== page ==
(ISN) – Aug. 13: Bruce Wilson leaks the inside secrets behind 26 years of coaching
Interview conducted by Kira Starr, Vikes Communications
To anyone he has ever coached, University of Victoria Vikes men’s soccer head coach
Bruce Wilson will always be known as
Chief. We take an undercover look with the soccer playing and coaching legend just
before his 27th varsity season. This might seem like any other August pre-season,
but Chief, the 2014-15 season brings drastic structural changes to the league.
Soccer popularity has risen immensely in the past couple of years, and although
that’s good for the sport, Wilson can’t help but to reminisce on how the game once
Q: After 26 years of coaching with the Vikes men’s soccer program, what has been the
BW: By far the biggest change is the league structure. The teams that are in the
league and the format of the Canada West schedule have completely changed from the
1990s. I started coaching at UVic in 1988, back then and right through the 90s we
travelled, played many games throughout the season and had Canada West finals
followed by a CIS national championship. This year Canada West is no longer one
conference but two western leagues. Popularity of the game and sport is increasing
ten-fold and a lot of colleges are becoming degree-granting institutions. This is
great because we want to expand the sport but has changed it a lot for some of the
original university teams who began the league. Scheduling becomes an issue and
getting to CIS finals becomes a larger obstacle.
Q: Your passion for soccer seems to be just as strong as when you first started
coaching, what do you love about the game?
BW: I grew up playing organized soccer since I was six, which means I’ve been
involved with the sport for 57 years. I never actually played varsity when I
attended UBC, but then I went pro. From 1974-77 I played with the Whitecaps, 1978-79
with Chicago Sting, 1980 with New York Cosmo’s and 1981-84 with Toronto Blizzard’s.
I represented Canada between 1974-86 and had the privilege to captain Canada at the
1986 World Cup. Having the opportunities to play with all these teams only enhanced
my excitement. Soccer is what I do.
Q: Have the men’s and women’s teams always been so close knit?
BW: Tracy (David) became the Vikes women’s head coach in 2002. As my wife, it is
very natural for us to do things together and we want to do things together. What
kick-started the unison between the men’s and women’s teams was the Florida
off-season trip. Once Tracy came on board with the Vikes it was only natural we did
this trip together. It gave us some time together but also exposed both teams to
good soccer and nice weather, since it’s often rainy in Victoria. This off-season
trip is also a big recruiting opportunity. The teams weren’t always so close. The
men and women used to play at different levels so schedules were very different. Now
that the conferences are the same we travel together every weekend. It is good for
the teams to know each other, especially since we train right after one another.
All-in-all it works out pretty well for both teams.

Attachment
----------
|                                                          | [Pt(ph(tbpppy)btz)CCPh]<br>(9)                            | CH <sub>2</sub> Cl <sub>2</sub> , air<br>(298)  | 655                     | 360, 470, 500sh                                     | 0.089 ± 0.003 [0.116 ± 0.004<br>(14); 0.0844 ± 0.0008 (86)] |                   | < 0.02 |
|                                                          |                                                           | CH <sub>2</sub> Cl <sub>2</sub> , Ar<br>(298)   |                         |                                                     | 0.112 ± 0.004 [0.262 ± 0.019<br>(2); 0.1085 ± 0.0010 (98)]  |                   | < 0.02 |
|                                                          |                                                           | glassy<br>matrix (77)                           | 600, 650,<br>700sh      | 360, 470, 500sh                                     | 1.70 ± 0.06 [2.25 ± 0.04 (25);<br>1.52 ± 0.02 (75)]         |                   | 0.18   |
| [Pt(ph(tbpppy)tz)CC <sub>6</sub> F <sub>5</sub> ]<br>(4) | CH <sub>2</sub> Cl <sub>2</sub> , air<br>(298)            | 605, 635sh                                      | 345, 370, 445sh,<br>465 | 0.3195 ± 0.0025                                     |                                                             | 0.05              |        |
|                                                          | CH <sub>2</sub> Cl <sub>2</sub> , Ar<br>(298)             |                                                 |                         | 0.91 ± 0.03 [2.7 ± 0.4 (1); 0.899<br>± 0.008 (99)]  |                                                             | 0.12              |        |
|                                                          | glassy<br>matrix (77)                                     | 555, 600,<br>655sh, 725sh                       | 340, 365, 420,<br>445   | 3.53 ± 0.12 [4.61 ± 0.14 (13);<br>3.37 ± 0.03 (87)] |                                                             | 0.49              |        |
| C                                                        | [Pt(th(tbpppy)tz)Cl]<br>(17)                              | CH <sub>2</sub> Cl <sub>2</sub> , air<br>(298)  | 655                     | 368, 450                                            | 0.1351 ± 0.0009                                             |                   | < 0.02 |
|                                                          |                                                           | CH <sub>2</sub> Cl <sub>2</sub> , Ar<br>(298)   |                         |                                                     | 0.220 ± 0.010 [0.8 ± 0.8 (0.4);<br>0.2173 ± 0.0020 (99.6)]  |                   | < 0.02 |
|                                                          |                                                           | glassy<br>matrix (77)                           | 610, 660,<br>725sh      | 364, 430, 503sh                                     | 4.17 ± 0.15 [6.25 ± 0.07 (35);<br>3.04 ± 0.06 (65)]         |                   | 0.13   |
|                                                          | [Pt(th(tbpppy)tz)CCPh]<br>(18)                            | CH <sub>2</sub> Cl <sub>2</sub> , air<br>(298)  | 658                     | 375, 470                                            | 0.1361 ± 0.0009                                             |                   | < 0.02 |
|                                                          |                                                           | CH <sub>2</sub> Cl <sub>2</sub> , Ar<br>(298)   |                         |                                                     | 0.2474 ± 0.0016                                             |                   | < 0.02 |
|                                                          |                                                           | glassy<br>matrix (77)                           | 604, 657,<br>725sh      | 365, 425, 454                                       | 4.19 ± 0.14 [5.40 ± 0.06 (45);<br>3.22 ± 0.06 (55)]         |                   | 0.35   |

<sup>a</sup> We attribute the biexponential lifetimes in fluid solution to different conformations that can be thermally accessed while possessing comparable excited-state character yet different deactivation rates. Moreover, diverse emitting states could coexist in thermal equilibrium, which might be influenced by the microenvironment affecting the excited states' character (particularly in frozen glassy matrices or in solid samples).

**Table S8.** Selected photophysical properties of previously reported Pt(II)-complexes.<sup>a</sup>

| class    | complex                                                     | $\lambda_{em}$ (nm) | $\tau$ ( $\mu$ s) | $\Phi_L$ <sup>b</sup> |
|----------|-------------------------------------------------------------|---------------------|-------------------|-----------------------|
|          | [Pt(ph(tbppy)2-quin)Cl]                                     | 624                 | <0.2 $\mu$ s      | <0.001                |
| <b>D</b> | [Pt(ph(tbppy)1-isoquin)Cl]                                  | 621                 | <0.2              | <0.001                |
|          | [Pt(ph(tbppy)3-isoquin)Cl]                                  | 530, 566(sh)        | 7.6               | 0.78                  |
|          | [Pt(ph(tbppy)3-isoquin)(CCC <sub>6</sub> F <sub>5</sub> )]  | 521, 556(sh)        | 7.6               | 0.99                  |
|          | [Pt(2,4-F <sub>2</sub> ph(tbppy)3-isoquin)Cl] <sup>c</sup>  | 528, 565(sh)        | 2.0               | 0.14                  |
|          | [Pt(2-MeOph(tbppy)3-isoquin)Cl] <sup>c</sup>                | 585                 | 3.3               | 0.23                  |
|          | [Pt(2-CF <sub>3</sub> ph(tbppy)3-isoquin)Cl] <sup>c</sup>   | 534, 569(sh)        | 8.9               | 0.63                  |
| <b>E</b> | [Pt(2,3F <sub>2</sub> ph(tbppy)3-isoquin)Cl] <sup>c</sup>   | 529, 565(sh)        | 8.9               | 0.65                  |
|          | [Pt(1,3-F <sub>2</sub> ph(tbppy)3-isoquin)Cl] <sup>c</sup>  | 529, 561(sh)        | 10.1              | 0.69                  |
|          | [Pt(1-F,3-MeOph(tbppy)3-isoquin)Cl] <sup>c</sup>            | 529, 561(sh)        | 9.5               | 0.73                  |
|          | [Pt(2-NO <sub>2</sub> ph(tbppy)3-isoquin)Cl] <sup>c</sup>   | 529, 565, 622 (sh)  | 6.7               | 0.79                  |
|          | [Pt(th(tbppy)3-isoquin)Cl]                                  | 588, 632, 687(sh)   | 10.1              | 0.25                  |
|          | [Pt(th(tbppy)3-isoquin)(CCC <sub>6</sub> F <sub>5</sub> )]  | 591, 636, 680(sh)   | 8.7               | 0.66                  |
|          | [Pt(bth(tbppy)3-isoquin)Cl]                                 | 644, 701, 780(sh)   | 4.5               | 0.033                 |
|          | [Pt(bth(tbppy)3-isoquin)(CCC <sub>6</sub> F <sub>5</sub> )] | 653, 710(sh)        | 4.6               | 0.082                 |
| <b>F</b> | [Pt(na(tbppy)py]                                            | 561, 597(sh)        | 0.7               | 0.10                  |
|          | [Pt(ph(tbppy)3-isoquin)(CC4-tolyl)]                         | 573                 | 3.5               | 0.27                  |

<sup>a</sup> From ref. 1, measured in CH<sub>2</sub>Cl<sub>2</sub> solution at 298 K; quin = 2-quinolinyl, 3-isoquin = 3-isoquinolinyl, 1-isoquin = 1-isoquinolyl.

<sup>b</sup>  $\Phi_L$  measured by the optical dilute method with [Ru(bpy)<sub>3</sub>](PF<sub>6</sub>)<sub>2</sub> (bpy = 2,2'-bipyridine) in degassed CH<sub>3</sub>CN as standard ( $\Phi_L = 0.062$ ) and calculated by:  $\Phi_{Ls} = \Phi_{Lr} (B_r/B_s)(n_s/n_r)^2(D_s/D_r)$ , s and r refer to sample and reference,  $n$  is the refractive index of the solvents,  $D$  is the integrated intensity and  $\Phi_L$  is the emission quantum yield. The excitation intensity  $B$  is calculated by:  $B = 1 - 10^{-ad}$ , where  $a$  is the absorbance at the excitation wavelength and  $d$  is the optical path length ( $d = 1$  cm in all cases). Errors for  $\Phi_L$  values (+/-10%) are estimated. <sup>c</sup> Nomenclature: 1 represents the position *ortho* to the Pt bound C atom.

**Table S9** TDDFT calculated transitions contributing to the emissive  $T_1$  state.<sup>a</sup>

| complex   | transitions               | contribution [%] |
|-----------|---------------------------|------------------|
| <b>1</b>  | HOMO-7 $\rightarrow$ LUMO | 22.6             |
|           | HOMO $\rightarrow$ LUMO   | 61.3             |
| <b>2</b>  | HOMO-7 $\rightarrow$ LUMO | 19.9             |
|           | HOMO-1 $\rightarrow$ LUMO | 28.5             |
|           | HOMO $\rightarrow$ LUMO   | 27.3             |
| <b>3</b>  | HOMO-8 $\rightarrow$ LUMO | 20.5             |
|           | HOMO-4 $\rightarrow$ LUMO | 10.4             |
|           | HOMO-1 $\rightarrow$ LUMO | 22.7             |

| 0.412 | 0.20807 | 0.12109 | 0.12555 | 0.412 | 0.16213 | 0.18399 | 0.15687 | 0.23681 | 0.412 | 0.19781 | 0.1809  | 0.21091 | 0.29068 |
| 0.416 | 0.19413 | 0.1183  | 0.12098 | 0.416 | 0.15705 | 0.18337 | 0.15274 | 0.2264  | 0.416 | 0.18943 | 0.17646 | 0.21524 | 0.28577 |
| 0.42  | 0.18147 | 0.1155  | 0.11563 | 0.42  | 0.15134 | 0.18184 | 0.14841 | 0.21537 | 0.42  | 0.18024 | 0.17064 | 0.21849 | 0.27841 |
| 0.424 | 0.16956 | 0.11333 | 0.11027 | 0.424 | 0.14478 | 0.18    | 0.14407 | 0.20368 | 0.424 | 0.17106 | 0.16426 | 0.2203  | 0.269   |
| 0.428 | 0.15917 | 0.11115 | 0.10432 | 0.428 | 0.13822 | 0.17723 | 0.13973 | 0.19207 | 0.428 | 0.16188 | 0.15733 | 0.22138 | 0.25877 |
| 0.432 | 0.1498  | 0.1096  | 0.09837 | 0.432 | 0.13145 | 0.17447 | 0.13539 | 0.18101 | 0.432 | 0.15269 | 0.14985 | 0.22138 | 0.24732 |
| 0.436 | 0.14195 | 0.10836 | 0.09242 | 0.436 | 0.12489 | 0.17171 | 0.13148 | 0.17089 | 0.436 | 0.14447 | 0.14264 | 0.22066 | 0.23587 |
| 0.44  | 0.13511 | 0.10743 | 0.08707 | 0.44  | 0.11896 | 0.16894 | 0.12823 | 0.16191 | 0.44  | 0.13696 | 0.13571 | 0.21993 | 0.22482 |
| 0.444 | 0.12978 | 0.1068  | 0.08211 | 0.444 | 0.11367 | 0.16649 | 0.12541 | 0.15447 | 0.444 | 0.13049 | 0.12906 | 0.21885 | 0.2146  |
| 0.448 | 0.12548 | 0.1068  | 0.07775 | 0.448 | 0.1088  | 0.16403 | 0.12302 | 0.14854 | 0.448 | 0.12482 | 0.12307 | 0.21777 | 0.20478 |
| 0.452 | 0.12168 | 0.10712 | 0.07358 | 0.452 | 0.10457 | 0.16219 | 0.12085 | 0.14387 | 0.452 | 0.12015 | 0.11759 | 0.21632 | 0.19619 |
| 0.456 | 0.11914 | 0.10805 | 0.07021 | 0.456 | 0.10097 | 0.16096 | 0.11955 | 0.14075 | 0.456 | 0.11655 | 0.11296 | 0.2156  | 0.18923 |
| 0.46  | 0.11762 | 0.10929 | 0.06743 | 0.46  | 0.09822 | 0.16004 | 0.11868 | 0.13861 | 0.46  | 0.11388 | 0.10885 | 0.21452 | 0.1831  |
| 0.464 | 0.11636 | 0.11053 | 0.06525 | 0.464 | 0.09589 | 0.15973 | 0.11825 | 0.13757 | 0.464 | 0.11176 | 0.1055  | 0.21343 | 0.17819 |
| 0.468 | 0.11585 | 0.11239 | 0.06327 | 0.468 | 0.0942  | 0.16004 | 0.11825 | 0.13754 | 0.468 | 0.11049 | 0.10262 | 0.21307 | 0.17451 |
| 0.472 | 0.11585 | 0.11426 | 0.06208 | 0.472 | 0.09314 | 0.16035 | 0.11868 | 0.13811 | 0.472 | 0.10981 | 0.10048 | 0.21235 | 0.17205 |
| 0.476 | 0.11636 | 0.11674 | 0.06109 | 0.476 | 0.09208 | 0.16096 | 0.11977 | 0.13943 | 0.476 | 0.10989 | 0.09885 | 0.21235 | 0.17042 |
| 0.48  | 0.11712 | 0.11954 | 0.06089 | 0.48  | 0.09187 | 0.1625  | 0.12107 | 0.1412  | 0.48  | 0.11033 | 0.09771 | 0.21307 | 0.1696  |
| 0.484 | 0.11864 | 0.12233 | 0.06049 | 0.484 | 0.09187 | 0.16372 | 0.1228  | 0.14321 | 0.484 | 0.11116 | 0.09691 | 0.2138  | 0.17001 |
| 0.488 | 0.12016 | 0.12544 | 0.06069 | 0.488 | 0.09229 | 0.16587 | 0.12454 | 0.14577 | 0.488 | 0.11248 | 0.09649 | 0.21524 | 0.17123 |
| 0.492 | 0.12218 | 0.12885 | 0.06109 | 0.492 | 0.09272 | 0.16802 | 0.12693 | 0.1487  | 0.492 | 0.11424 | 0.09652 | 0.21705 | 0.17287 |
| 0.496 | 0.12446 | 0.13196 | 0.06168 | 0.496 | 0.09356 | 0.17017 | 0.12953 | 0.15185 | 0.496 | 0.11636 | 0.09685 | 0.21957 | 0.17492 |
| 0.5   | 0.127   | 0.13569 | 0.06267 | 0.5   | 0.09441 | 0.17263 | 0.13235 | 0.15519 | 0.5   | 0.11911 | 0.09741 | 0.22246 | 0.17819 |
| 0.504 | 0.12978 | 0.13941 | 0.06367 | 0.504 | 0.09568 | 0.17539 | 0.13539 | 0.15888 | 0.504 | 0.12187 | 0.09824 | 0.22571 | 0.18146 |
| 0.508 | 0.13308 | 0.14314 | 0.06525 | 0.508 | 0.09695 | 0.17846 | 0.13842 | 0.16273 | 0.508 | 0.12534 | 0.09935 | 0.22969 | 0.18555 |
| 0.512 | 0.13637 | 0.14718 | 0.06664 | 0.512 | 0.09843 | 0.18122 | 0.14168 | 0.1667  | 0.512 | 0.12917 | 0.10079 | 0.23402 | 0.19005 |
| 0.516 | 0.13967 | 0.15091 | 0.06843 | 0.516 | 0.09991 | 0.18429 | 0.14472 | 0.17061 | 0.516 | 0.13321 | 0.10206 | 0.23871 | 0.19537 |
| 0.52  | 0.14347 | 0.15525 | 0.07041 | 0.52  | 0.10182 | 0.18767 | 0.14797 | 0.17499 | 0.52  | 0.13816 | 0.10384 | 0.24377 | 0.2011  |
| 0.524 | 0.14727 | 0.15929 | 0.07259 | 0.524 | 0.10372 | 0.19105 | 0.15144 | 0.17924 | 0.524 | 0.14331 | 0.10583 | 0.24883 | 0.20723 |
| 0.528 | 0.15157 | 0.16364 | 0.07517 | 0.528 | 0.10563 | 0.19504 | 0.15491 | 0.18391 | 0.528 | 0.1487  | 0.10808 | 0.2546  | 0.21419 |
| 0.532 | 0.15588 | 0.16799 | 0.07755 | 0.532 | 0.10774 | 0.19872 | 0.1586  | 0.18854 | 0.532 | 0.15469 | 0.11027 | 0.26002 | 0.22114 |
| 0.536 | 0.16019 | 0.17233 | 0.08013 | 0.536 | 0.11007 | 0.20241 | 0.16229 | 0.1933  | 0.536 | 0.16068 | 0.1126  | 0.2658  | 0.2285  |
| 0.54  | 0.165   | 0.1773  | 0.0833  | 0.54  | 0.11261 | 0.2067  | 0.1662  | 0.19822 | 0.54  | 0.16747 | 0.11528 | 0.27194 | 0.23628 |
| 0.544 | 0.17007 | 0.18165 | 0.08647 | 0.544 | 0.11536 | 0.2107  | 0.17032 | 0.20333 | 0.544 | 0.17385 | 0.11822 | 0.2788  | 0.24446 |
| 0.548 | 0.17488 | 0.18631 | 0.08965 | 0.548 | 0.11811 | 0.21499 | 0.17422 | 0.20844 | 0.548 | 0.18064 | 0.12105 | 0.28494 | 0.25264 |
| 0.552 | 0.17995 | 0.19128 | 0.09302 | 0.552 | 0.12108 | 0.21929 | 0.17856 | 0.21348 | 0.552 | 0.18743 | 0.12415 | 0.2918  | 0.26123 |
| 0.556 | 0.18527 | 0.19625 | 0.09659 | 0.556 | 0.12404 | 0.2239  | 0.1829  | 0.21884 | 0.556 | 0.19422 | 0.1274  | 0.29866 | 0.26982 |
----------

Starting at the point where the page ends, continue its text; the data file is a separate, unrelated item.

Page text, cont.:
Q: What quality(s) do you respect most about Tracy?
BW: Tracy has to be the most competitive person I know. She has also played the game
for a very long time at a very high level. She understands the game and loves the
game for all it is worth. Tracy brings all of her passion to coaching and giving
back to those girls. Her competitive spirit lights a fire under her teams and got
her to where she is today. If it weren’t for her passion there wouldn’t be a
Canadian university women’s soccer league. That passion also follows us home – we
get to support one another when there are defeats and have big parties when we both
Q: What has been the longest running tradition with the Vikes men’s soccer team?
BW: I’d have to say the yellow jersey. Since I started coaching here at UVic, the
yellow jersey has been given out during practices. It is given to a player who had a
bad training session the day before. I like it because the boy’s use it as something
fun during a competitive season and it keeps everyone accountable. The boys are
quick to point out and joke around when someone makes a lousy mistake. I pick the
player who will receive the yellow jersey. I think it keeps practice lively but
obviously no one wants the yellow jersey.
Q: Where did the yellow jersey come from?
BW: It was an old yellow goalkeeper jersey just kicking around. We had the extra
jersey and I started the tradition.
Q: So, where did the nickname Chief come from?
BW: Oh man, I guess I’ve always been Chief. It started in my first year coaching
with the Vikes. It certainly has stuck hasn’t it? I’m known as Chief to other teams
and the community.
Q: What’s something unique about the men’s soccer team?
BW: We are one of the few Vikes teams to implement a strict, professional dress code
when we travel. To me it represents a sense of professionalism. We train
professionally five times a week so why not look and feel professional all the time.
We represent a high level team and a university. That stuff is important. For 27
years I have enforced a dress code – dress shirt, dress pants, tie and proper shoes.
Players don’t questions it anymore. It’s what we do. When we go on the road it’s
good to want to translate that professionalism onto the playing field.
The Vikes men’s soccer team are currently underway with their trial process with a
few exhibition games set to test the squad out before their home openers on Sept.
5-6 against UBC and Trinity Western, respectively.